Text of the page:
Victor Drury - A Stroll Around Brisbane

Early in the 1870s, the house at the then end of Boundary Street was occupied by Mr. D. F. Longland and his neighbour Albert Victor Drury, (Bio) two well-known old Brisbane families.

Close to Mr. Drury’s residence was a stone wall, erected by the late W. Arthur Martin, then an auctioneer. He planned to build a residence there, but this was not proceeded with, and later on the property was acquired by the late Mr. J. W. Sutton, a well-known engineer, who had a ship-building yard on Kangaroo Point, adjoining Burley Bros.’ Sawmill.

There was only a track to the end of Boundary Street, and on one side with the river frontage was the Brisbane Gas Works. Where Adelaide Street extends to Boundary Street, there were turnstiles and only pedestrians could use the “short-cut” into Queen Street.

Opposite the Boundary Street turnstile was the home and workshop of Mr. Stephen Rogers – carpenter- and above his place the house occupied by Mr. George Spencer, who was employed by Messrs. Bright Bros., afterwards Gibbs, Bright, and Co.

The Gas Company had a small wharf where coal punts discharged their cargoes. From the Gas Company’s property to the foot of Queen Street, was a green slope, no wharf. Mr. Francis Beattie, a former member for Fortitude Valley, had a small wharf the downstream side of the Kangaroo Point ferry.

There was no retaining wall at the Bight, and a road ran from the Customs House around the hill, occupied by private residences, towards the valley.

Adelaide Street was not “cut down” for some years and to go to the old Normal School, we walked from the Valley over Dr. Hobb’s hill. The doctor had a stone residence, which is still standing, next to the Anglican Cathedral.

At the corner of Wharf and Adelaide Streets, Mr. John Petrie had his monumental works, and carpenters and joinery shops. He was a large builder and contractor and resided in a two story stone house overlooking Queen Street.

On the other corner was a Congregational Church, the Rev. Edward Griffith who resided next to Mr. Petrie was the Minister, and the father of the late Sir Samuel Walker Griffith. The Bank of Australasia occupied their present position and had a garden extending up Wharf Street to the Baptist Church, on the site where Mr. R. W. Thurlow and Co. are at present.

As years went on, Messrs Howard Smith and Company wharves were erected between the Kangaroo Point ferry and the Gas Works, and that necessitated the building of the stone retaining wall running along the bight.

As Brisbane progressed, wharves increased and a wharf at the foot of Boundary Street was built by the late Mr. John Watson, contractor, a former member for Fortitude Valley.

Those wharves spoilt the locality for private residences, and the Longland family moved to Stratton on the Bulimba Road, and the Drurys to Bowen Terrace, New Farm. There was no road leading from Boundary Street to Bowen Terrace, only a “goat” track running in front of All Hallows Convent. The present large All Hallows School was then built, with the Sisters of All Hallows occupying the old stone building still in existence behind the present school.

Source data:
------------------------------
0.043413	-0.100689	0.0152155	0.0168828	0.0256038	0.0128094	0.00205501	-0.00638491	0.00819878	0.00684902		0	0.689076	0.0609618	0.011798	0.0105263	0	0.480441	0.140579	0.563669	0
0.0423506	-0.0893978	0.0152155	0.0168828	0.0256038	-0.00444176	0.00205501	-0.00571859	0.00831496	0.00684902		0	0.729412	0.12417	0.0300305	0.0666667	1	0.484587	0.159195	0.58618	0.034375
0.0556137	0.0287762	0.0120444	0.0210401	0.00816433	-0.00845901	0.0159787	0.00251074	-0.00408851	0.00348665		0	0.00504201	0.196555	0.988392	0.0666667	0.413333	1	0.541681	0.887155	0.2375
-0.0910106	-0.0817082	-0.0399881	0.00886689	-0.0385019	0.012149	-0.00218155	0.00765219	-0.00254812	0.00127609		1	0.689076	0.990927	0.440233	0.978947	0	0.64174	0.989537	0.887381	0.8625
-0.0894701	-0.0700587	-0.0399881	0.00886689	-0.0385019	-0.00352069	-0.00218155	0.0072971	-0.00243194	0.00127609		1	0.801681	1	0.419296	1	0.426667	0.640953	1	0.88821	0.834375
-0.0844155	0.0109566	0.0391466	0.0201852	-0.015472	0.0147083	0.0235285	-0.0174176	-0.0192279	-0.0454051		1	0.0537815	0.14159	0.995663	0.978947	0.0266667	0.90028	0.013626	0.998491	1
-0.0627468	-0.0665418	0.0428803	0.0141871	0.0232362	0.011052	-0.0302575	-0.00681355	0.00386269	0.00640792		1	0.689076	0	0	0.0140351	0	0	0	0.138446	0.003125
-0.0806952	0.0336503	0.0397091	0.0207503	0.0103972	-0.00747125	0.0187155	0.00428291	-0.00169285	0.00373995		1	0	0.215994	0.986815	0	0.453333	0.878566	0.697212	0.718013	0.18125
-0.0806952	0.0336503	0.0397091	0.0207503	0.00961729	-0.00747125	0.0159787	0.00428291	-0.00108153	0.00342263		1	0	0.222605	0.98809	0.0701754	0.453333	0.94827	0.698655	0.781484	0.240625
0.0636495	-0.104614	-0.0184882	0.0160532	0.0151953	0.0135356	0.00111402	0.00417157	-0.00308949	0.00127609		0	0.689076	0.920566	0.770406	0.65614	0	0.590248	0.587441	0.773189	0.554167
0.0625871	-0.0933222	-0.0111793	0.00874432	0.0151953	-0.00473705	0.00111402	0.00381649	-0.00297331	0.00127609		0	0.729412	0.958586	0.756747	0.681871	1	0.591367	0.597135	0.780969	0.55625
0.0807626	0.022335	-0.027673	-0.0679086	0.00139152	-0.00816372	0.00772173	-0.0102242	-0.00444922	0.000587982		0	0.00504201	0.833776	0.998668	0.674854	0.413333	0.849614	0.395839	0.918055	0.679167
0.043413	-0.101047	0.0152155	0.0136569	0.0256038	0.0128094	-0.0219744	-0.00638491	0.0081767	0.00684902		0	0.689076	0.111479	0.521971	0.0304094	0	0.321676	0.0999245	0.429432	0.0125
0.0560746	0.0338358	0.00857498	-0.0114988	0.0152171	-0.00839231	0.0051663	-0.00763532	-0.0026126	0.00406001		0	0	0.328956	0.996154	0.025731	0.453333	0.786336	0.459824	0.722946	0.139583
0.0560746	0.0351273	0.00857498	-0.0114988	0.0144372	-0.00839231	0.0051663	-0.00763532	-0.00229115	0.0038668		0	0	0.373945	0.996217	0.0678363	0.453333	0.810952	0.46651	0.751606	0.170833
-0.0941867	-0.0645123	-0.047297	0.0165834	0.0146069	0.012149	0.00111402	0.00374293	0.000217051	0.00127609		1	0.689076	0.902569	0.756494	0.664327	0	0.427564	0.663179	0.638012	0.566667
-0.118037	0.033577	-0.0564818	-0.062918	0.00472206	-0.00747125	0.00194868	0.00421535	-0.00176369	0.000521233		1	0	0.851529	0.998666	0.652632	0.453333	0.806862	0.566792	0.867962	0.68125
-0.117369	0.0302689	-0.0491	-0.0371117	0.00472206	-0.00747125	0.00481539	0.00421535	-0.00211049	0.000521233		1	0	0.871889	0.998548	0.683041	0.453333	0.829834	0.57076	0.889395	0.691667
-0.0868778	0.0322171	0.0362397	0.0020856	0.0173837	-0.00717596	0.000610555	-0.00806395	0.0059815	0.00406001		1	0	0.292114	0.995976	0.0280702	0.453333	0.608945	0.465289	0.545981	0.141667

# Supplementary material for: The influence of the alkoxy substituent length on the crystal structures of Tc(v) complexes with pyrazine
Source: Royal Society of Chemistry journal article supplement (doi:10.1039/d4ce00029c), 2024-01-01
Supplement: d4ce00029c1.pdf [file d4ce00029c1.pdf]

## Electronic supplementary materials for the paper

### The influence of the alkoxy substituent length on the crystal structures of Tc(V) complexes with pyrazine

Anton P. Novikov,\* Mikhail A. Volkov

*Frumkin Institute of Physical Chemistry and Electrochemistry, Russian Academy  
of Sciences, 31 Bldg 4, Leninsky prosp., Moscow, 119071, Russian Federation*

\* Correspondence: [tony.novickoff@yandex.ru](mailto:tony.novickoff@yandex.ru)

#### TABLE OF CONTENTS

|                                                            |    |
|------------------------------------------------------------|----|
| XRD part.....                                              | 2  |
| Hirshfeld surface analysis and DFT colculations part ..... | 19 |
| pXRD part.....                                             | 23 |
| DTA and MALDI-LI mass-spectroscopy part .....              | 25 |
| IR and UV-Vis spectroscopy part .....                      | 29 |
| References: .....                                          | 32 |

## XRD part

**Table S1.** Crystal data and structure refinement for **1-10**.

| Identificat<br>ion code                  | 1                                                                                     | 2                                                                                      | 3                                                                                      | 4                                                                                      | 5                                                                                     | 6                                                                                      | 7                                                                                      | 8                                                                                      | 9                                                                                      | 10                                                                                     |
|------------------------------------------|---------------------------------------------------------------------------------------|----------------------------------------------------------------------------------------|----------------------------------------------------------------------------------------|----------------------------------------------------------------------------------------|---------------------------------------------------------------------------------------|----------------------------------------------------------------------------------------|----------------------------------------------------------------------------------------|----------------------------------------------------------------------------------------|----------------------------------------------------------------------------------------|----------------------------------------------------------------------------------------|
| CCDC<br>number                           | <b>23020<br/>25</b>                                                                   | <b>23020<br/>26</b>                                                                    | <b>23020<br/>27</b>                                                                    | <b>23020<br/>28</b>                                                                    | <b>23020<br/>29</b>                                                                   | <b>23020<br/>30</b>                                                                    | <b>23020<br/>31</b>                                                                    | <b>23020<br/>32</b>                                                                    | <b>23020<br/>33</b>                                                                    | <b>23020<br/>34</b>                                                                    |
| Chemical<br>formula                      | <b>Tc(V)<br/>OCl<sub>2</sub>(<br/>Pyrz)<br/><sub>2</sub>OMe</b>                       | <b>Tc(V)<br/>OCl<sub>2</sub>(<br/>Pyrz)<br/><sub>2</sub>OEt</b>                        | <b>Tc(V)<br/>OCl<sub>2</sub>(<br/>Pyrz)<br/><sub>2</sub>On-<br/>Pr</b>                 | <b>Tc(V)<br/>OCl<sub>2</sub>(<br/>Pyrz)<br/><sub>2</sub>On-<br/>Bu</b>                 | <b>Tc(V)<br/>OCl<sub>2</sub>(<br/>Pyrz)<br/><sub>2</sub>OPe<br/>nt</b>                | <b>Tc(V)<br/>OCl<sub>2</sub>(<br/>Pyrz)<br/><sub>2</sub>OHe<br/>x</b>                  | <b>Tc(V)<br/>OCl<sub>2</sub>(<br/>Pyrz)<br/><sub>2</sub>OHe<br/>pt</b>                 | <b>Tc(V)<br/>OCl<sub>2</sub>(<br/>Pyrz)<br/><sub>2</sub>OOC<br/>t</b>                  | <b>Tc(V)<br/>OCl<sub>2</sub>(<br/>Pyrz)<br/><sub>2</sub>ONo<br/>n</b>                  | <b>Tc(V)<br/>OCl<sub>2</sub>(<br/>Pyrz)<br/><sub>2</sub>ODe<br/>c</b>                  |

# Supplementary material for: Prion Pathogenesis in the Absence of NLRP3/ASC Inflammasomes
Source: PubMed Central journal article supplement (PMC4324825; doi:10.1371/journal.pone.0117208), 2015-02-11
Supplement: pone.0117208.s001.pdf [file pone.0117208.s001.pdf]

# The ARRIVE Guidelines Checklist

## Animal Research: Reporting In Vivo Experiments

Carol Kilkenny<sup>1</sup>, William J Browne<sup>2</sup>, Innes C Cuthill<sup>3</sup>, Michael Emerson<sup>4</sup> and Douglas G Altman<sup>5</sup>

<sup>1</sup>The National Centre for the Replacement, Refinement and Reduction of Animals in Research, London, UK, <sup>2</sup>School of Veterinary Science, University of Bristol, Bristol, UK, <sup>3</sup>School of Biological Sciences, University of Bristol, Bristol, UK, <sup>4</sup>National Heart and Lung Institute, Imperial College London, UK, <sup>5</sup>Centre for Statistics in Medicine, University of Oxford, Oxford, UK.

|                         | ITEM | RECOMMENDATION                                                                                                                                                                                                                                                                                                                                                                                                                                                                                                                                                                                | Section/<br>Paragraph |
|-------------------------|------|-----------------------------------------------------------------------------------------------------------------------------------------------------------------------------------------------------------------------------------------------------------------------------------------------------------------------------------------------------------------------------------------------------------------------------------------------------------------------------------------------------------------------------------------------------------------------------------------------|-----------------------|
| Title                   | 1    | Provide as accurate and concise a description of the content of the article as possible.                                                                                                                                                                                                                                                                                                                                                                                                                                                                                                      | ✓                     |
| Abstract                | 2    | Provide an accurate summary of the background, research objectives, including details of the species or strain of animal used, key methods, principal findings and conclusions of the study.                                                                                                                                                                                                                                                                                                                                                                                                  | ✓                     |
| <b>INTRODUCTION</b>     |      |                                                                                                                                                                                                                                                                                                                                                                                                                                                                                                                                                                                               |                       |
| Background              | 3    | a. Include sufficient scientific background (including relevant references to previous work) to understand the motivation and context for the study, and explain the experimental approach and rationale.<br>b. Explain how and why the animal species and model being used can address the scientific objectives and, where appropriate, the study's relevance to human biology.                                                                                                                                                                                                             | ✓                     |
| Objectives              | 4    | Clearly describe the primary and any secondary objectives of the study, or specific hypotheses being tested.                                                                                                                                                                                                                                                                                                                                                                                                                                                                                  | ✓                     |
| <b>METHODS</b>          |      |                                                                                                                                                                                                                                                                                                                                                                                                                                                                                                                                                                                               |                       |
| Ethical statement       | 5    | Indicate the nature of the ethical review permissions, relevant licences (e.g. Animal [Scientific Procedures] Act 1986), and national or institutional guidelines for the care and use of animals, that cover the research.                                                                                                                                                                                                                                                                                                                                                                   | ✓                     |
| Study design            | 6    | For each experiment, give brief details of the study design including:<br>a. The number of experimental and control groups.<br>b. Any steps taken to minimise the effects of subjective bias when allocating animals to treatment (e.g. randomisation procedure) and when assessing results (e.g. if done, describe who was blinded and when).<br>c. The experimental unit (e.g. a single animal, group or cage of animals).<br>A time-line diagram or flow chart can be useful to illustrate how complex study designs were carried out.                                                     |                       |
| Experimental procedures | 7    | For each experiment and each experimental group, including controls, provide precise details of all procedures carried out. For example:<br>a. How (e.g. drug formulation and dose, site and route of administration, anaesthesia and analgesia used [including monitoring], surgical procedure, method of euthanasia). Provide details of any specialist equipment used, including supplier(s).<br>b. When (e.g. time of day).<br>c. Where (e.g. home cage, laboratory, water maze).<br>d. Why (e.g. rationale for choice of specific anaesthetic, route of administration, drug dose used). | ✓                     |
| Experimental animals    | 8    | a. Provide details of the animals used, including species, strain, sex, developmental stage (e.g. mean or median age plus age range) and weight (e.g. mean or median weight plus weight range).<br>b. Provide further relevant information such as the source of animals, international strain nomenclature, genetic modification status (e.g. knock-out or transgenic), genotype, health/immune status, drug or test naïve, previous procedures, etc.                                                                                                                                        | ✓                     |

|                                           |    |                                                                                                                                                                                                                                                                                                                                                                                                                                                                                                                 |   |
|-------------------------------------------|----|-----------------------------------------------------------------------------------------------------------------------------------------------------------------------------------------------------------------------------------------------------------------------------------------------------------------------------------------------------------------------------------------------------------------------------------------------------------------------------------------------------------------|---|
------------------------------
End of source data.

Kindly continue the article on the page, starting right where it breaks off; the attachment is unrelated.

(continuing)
The Convent “field” ran down to Brunswick Street. The house opposite the Convent was occupied by the late Michael Quinlan, head of the firm Quinlan, Gray and Co., whose business premises were at the bottom of Queen street. There was no proper road connecting this part of Brisbane to Bowen terrace. The road went by way of Ann and Brunswick Streets.

The house adjoining Mr. Quinlan’s belonged to James Lang, painter and decorator.

At the top of Bowen terrace, a house, Ormistone, occupied by Mr. Munce, was longstanding with glorious views of the river and far off hills. Opposite, on the other side of the road, were the homes of the late Graham Lloyd Hart, solicitor, and the Hon. E. B. Forrest.

After the wharf at the foot of Boundary Street was completed, Captain William Collin, who had purchased the Longland property, (then occupied by the O’Flynn family), erected a wharf which extended downstream, and now we have wharves to the old Barker’s quarries.

Mr. John Petrie was the first Mayor of Brisbane, and had a very extensive business. At his home, he had a very old cockatoo. The Kangaroo Point ferry – one rowing boat- used to ply all through the night, and if a passenger came down the steps, and found the boat on the other side of the river, he called “Over!” The ferryman then came over.

This cockatoo much to the annoyance of the old ferryman, at night time, sometimes would take it into his head to cry “Over!” and the boat would be rowed over to find no-one on the ferry steps. The Brisbane Gas Company moved to Newstead and their former property at the Bight is now all built over and large warehouses erected thereon.

Before the wharves were built above the old Gas Works, Charle le Brocq had his swimming baths known as the Metropolitan swimming baths, a large floating wooden building with a swimming area about 180 feet by 50 feet, with open batten floor, and sides through which the tide flowed- around the swimming pool was erected cubicles where patrons undressed.

The baths were moored to the shore with stout cables and a pontoon bridge which rose and fell with the tide, connected thebaths with the shore. When Howard Smith’s wharf was commenced, the baths were moved to the foot of Boundary Street, later to be again moved to the foot of Alice Street, near the Botanical Gardens.

Many old boating men will remember Rob Smith, the boatman, who had boats (sailing and rowing) for hire, and whose slip was at the foot of Boundary Street. Amongst his fleet were the Mist, Leisure Hour, Bully Frog, Blue Jacket and several rowing skiffs.

Several business men regularly hired skiffs from Old Bob and had an hour’s rowing exercise. It was Old Bob Smith who carried Alexy Drury up to his home after he had been fatally injured by a shark when bathing with schoolmates in the river, where many school boys went in daily for a swim.

We took a great interest in the shipping and generally went on board the sailing ships and barques that were towed up the Brisbane River. Captain Davies commanded the tug Francis Cadell, and afterwards the tug, Boko. Both belonged to Messrs. Gibbs, Bright, and Co. Messrs. Webster Bros., general merchants of Mary Street, brought out the tug, Otter, shortly afterward acquired by the Queensland Government during the Russian scare in 1884.

The old stern wheeler Settler was in charge of Captain Mellor. This old river boat was very popular for day excursions, and was always chartered by the Congregational Church for their annual Sunday School treat. The two Government steamers were the Kate and the Leura.

Large vessels anchored in Moreton Bay and their cargoes were lightered into barges towed up and down the river. The names of some of the sailing vessels of those days were Windsor Castle, Corinth, Decapolis, Gauntlette, and Spirit of the South.

The Ipswich and Emu were favourite river steamers which, with the Settler, traded by Ipswich and Brisbane. Captain G. P. Heath, who lived at Norman Creek, was port master, and Captain Wyvorne harbour-master.